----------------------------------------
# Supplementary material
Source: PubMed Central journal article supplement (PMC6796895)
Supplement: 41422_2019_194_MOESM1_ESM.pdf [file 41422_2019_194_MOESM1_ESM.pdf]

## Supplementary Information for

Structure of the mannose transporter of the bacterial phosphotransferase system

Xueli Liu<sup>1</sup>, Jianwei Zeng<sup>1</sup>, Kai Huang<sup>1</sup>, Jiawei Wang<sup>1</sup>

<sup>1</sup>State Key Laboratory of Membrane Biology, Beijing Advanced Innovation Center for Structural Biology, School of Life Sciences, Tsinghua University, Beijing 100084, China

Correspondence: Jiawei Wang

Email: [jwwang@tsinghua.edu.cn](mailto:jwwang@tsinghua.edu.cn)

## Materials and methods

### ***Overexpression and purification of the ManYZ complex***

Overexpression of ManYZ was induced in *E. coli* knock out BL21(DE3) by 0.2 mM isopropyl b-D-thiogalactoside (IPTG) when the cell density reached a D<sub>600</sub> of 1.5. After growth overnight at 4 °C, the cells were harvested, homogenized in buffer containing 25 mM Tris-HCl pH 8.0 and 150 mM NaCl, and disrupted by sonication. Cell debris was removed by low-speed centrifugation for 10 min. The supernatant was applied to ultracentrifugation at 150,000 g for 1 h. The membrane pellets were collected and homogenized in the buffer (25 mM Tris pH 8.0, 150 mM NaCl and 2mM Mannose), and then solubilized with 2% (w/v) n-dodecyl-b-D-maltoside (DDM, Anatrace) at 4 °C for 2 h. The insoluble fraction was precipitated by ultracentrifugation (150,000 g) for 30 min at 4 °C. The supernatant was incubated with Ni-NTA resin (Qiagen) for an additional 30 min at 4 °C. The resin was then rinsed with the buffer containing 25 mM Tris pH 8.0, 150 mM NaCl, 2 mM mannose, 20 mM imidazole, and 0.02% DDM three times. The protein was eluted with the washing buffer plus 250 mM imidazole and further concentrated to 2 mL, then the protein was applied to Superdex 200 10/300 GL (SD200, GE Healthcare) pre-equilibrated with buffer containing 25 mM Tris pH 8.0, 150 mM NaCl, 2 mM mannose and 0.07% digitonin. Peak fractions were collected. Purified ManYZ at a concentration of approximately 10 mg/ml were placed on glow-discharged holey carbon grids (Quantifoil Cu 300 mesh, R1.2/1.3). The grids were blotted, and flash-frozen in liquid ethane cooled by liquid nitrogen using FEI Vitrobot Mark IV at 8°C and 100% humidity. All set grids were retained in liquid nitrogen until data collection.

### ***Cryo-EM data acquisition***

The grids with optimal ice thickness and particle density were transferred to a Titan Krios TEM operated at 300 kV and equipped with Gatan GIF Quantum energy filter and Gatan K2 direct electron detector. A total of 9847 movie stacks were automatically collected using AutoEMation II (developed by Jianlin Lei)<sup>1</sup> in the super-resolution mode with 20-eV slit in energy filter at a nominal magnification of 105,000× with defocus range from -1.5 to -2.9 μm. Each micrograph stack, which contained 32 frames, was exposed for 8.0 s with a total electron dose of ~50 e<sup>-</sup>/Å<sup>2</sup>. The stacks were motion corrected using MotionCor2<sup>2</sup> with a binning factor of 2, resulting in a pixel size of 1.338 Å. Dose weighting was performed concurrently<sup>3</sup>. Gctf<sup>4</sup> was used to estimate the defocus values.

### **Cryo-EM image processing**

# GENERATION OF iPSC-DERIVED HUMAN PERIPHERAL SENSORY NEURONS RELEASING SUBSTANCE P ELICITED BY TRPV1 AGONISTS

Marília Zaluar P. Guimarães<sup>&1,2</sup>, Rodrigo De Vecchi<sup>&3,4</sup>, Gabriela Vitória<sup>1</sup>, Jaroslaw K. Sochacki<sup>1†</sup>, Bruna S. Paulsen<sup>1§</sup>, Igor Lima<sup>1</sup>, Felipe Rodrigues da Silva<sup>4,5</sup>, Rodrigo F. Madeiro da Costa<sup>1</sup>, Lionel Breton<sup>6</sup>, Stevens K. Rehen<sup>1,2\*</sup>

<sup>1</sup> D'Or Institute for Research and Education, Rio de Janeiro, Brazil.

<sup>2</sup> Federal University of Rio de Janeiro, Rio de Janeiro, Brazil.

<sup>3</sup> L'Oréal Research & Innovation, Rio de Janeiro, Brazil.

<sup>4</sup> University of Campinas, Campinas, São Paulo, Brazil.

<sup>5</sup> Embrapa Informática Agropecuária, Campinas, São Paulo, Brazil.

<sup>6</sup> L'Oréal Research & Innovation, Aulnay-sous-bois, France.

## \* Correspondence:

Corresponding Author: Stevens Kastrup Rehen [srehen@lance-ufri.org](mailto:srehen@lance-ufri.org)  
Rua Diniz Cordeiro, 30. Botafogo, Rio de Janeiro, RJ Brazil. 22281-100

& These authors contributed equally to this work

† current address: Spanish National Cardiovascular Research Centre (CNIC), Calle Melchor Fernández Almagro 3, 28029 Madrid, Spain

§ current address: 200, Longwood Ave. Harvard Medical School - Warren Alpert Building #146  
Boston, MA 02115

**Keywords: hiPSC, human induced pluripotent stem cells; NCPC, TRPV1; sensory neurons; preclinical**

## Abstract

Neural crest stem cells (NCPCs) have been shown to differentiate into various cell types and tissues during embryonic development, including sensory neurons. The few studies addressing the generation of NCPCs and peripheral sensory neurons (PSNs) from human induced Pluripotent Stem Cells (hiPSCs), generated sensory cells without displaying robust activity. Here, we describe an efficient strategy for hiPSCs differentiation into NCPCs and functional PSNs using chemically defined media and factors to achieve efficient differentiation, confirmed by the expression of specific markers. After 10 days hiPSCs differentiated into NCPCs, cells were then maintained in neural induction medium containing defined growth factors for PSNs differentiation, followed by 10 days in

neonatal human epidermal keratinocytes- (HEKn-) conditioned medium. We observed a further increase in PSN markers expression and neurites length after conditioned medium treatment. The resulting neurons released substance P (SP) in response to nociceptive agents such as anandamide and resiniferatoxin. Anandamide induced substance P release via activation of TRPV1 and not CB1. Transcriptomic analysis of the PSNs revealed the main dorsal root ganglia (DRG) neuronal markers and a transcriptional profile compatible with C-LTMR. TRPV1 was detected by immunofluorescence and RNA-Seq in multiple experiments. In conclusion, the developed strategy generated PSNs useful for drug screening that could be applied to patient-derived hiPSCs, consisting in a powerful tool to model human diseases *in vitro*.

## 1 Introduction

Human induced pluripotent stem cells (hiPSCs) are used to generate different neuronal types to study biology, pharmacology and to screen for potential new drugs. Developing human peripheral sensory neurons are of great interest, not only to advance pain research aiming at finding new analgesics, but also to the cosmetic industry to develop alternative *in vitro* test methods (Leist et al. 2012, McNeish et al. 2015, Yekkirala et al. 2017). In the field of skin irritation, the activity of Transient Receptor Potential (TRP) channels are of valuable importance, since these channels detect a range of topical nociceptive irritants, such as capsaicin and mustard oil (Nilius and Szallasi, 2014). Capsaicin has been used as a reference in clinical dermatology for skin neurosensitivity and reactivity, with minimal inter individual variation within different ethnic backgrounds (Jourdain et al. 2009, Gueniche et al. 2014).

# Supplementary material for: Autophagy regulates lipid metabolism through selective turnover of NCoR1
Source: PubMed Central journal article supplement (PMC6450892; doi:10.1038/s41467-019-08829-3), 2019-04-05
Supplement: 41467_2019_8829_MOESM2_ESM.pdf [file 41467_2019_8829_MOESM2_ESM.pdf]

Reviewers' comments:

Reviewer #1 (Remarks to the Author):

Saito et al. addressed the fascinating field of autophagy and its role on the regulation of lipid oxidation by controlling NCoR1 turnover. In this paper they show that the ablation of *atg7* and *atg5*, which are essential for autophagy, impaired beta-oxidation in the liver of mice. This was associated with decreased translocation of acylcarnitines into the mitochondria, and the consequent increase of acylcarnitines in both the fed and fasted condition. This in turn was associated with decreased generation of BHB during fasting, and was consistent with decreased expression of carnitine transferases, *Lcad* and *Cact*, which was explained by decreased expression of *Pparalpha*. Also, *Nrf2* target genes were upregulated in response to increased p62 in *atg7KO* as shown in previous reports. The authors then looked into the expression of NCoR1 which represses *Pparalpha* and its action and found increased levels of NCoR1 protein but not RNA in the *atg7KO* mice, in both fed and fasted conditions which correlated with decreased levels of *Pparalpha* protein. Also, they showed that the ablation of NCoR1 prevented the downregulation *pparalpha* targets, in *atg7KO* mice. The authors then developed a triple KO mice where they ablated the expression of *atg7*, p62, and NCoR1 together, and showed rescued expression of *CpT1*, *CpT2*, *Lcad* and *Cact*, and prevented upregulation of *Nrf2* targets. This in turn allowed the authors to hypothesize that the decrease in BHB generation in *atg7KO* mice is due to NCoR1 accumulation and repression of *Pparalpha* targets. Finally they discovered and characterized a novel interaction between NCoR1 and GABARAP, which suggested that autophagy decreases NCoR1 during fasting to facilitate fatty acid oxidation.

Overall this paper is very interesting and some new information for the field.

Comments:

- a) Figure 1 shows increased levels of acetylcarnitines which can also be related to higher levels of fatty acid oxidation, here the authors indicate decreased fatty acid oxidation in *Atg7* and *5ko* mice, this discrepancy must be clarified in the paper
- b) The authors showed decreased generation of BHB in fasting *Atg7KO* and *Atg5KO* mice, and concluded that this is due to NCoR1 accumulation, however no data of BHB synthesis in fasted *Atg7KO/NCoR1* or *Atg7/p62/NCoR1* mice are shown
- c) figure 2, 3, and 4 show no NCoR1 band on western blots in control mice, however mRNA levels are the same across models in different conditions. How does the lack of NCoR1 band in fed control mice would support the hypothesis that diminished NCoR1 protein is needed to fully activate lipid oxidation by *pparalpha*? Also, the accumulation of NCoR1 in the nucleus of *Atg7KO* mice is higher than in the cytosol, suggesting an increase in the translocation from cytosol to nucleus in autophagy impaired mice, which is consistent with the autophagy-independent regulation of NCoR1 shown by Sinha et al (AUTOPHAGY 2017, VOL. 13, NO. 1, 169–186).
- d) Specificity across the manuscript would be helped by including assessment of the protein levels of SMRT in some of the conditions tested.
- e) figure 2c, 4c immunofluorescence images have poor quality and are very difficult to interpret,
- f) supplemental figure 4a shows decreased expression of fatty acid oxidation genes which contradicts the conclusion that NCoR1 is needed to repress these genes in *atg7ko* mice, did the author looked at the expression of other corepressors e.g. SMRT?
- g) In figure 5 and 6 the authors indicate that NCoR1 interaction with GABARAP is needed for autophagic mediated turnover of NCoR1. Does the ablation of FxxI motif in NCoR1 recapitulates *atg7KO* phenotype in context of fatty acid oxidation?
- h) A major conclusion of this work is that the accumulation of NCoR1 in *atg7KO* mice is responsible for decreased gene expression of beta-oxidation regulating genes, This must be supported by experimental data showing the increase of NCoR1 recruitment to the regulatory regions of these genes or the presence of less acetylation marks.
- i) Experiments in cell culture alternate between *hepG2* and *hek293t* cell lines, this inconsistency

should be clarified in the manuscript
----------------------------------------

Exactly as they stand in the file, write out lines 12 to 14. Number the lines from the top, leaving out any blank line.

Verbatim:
Overexpression of ManYZ was induced in *E. coli* knock out BL21(DE3) by 0.2 mM isopropyl b-D-thiogalactoside (IPTG) when the cell density reached a D<sub>600</sub> of 1.5. After growth overnight at 4 °C, the cells were harvested, homogenized in buffer containing 25 mM Tris-HCl pH 8.0 and 150 mM NaCl, and disrupted by sonication. Cell debris was removed by low-speed centrifugation for 10 min. The supernatant was applied to ultracentrifugation at 150,000 g for 1 h. The membrane pellets were collected and homogenized in the buffer (25 mM Tris pH 8.0, 150 mM NaCl and 2mM Mannose), and then solubilized with 2% (w/v) n-dodecyl-b-D-maltoside (DDM, Anatrace) at 4 °C for 2 h. The insoluble fraction was precipitated by ultracentrifugation (150,000 g) for 30 min at 4 °C. The supernatant was incubated with Ni-NTA resin (Qiagen) for an additional 30 min at 4 °C. The resin was then rinsed with the buffer containing 25 mM Tris pH 8.0, 150 mM NaCl, 2 mM mannose, 20 mM imidazole, and 0.02% DDM three times. The protein was eluted with the washing buffer plus 250 mM imidazole and further concentrated to 2 mL, then the protein was applied to Superdex 200 10/300 GL (SD200, GE Healthcare) pre-equilibrated with buffer containing 25 mM Tris pH 8.0, 150 mM NaCl, 2 mM mannose and 0.07% digitonin. Peak fractions were collected. Purified ManYZ at a concentration of approximately 10 mg/ml were placed on glow-discharged holey carbon grids (Quantifoil Cu 300 mesh, R1.2/1.3). The grids were blotted, and flash-frozen in liquid ethane cooled by liquid nitrogen using FEI Vitrobot Mark IV at 8°C and 100% humidity. All set grids were retained in liquid nitrogen until data collection.

### ***Cryo-EM data acquisition***

The grids with optimal ice thickness and particle density were transferred to a Titan Krios TEM operated at 300 kV and equipped with Gatan GIF Quantum energy filter and Gatan K2 direct electron detector. A total of 9847 movie stacks were automatically collected using AutoEMation II (developed by Jianlin Lei)<sup>1</sup> in the super-resolution mode with 20-eV slit in energy filter at a nominal magnification of 105,000× with defocus range from -1.5 to -2.9 μm. Each micrograph stack, which contained 32 frames, was exposed for 8.0 s with a total electron dose of ~50 e<sup>-</sup>/Å<sup>2</sup>. The stacks were motion corrected using MotionCor2<sup>2</sup> with a binning factor of 2, resulting in a pixel size of 1.338 Å. Dose weighting was performed concurrently<sup>3</sup>. Gctf<sup>4</sup> was used to estimate the defocus values.